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My quest for yurt love  RSS feed

 
r ranson
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I can't remember why I decided to build a yurt, it just sort of creeped up on me one day. It's very much a comfort thing: that no matter how shitty things get in the future, at least I'll have a roof over my head. If I find a permanent place to settle down with my sheep and chickens, then I can use the yurt frame for constructing a wattle and daub style building. Besides, if I never use it as a house, I can always use it as a studio for teaching fibre arts and other homesteading skills. Or maybe I could use it as a display for our local fibershed, where people can come and see the amazing abilities of local textile artisans who use local materials to make beautiful clothing. Fibreshed in a fibreyurt

When I look at it this way, there is no reason why I shouldn't have a yurt.

Except... maybe the fact that I can't afford one.

I definitely can't afford to buy one, but if I could it would be the 4 wall or 5 wall yurt from Groovy Yurts. This company is a huge source of inspiration for me. They import Mongolian yurts that come from Mongolia and are built by people who live in Mongolia. For the most part, the yurts are made using traditional materials and designs. These materials and designs also seem to have the low eco-impact.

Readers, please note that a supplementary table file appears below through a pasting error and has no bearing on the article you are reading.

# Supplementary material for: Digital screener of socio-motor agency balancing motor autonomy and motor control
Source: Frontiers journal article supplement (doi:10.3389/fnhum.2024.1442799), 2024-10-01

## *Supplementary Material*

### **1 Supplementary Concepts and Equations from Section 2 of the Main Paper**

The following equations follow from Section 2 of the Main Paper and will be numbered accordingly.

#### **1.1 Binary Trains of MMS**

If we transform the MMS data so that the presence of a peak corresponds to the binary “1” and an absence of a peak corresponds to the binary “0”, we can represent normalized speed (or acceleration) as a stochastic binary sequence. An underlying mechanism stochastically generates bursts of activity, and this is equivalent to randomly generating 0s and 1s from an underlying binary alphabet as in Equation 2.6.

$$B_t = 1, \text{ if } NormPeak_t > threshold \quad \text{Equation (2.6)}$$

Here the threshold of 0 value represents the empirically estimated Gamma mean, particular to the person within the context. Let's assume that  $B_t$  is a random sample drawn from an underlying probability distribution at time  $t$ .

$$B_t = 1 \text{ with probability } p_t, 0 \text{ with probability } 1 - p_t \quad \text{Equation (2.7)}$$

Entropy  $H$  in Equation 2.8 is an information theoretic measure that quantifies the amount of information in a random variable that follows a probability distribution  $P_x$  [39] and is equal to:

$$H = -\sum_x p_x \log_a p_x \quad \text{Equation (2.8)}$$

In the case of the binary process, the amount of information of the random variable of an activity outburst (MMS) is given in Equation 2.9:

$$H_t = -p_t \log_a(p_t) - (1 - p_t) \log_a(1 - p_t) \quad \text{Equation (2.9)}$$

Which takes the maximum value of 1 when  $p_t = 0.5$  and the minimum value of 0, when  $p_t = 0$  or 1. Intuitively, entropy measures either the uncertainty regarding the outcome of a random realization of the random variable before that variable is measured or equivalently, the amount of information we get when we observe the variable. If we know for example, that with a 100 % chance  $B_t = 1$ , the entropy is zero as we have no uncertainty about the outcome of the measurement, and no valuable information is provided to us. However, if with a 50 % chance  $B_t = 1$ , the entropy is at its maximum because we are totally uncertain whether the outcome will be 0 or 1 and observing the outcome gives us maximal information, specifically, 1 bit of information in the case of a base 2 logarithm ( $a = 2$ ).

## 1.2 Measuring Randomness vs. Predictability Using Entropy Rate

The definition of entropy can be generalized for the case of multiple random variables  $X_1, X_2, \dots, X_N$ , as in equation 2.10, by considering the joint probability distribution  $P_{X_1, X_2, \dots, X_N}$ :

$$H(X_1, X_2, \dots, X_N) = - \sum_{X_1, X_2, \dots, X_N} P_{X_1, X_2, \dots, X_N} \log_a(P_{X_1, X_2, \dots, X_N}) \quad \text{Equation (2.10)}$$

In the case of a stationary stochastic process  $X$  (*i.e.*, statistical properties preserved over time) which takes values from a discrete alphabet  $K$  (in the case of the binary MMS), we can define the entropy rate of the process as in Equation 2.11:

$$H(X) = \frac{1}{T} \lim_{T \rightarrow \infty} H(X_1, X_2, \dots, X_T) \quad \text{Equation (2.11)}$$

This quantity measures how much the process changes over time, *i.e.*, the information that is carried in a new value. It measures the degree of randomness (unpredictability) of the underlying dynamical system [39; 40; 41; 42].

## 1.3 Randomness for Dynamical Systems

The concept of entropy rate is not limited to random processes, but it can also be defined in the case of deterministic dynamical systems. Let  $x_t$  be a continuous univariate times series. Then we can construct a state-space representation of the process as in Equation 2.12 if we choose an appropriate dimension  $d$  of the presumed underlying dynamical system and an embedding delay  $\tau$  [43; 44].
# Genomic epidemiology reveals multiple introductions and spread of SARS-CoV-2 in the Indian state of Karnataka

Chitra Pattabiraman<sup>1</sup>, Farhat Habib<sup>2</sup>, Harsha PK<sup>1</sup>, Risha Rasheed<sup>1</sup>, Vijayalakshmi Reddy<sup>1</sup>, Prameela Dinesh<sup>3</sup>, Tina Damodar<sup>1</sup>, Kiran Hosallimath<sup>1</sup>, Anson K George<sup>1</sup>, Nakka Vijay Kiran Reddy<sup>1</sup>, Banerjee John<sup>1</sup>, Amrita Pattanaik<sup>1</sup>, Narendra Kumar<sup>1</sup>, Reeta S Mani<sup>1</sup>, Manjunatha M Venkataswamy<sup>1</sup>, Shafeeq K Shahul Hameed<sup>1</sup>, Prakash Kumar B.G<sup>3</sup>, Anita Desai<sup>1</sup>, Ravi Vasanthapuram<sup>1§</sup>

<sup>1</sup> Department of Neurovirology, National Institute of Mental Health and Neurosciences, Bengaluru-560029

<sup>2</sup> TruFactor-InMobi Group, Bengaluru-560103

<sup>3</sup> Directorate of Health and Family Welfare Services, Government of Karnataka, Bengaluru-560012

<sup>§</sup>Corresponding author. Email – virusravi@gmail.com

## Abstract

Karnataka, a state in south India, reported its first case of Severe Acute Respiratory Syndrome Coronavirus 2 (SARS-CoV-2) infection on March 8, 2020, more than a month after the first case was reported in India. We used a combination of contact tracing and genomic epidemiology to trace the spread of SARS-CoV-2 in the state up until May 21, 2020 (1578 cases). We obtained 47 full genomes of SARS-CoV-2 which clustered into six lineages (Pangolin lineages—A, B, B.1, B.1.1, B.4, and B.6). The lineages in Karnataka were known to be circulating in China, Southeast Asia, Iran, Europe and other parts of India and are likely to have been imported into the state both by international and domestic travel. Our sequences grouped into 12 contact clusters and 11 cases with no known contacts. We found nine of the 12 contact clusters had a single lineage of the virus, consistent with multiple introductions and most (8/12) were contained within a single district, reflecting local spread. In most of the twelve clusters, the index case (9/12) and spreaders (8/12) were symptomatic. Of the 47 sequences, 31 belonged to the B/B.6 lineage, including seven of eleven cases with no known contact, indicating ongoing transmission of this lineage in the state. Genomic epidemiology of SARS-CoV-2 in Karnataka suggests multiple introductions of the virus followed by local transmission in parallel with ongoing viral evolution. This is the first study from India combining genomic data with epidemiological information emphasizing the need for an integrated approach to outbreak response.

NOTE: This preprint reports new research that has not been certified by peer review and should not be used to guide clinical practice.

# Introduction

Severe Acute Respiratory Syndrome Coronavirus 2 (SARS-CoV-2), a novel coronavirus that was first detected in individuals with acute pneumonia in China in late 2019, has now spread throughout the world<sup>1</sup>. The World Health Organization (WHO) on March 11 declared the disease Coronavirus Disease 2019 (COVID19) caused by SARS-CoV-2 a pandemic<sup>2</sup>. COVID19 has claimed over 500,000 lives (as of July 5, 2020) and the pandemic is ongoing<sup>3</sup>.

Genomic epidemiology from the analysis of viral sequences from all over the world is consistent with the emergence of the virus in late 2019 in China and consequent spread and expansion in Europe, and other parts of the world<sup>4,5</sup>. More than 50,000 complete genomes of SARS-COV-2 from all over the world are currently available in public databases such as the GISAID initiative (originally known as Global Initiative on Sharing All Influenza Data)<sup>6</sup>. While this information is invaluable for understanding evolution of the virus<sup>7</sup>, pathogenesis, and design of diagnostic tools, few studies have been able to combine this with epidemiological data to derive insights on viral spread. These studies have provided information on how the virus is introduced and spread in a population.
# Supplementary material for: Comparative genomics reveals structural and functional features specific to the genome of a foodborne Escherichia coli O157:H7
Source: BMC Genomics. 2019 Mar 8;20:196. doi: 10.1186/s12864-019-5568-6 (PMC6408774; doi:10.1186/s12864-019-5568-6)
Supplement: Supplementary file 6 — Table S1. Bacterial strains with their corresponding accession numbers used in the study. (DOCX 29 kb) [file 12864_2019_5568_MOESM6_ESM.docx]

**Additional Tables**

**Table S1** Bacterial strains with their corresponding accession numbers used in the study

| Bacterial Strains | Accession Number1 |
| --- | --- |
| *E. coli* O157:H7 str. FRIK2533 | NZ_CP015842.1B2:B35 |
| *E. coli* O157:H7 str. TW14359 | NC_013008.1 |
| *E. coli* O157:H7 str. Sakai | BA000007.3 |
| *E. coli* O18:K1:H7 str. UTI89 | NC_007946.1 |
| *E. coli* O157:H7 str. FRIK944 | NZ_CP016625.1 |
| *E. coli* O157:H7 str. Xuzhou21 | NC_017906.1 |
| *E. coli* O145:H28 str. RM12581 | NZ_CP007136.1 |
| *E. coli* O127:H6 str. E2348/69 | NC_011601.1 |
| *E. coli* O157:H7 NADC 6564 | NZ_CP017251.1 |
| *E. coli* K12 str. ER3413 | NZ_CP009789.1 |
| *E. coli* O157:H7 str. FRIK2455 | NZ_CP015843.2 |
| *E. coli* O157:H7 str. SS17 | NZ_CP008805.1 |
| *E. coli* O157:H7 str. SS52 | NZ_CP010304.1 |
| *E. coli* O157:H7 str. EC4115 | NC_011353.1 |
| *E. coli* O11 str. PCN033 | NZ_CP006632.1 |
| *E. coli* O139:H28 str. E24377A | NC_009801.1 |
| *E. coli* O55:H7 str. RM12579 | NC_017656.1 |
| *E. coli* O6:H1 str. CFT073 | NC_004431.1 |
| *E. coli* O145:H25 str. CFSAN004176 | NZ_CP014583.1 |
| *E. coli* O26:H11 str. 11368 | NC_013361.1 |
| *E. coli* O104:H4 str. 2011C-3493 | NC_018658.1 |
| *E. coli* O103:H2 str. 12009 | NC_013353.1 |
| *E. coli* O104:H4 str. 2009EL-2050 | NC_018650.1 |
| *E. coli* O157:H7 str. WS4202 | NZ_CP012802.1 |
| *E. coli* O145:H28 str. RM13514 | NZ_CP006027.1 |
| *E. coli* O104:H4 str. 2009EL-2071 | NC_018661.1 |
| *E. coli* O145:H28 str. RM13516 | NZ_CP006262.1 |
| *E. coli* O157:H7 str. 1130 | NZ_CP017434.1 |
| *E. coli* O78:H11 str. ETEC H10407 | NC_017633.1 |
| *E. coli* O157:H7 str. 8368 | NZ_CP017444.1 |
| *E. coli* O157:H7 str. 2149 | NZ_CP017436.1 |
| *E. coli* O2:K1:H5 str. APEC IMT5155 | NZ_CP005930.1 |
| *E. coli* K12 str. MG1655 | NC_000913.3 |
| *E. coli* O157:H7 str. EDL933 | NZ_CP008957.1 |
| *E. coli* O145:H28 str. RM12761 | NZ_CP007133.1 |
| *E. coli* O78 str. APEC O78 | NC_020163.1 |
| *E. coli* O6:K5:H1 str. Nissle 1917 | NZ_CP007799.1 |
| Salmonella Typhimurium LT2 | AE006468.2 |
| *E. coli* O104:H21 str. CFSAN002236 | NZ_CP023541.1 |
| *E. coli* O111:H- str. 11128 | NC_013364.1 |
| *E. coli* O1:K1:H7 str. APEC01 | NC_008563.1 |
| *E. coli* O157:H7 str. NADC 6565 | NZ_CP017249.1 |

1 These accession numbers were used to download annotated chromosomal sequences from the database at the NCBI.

So if I want a yurt, and I do, then my only option is to make one myself.

Sounds like fun.

My yurt must be amazing!
My yurt will be modeled after the Mongolian design.
My yurt will be made with natural materials, sourced as low-impact as possible.
My yurt will be built on a shoestring (very tight budget).
My yurt will have a TARDIS blue door.
My yurt will be about 16' across, which makes a floor area of roughly 200 square feet.
My yurt will be coated in felt that I make with wool from local sheep.
My yurt would love to have a cotton canvas cover on top of the felt if funding allows.


I'm posting this here because I would love some inspiration and perhaps suggestions on where to find materials for my yurt building adventure. Also, I'm looking for ways to get the cost down, or to fundraise money. To build a yurt, I calculated it would cost $2,500+ to buy the materials new, at the moment my yurt funds are $50... Canadian, which is like $20 in US funds these days.

Maybe when I get my act together I can do a crowdfunding thing? I've grown GIANT mongolian sunflowers this year, some well over 15 feet tall, and plan to save the seeds for sale. I can also make little felted yurts from some wool. Is that the sort of thing that people are interested in?

Any thoughts or words or encouragement?


Edit to add: I wasn't really sure which section to put this post under. Mods, feel free to move it to where you think best.
 
Cristo Balete
Posts: 428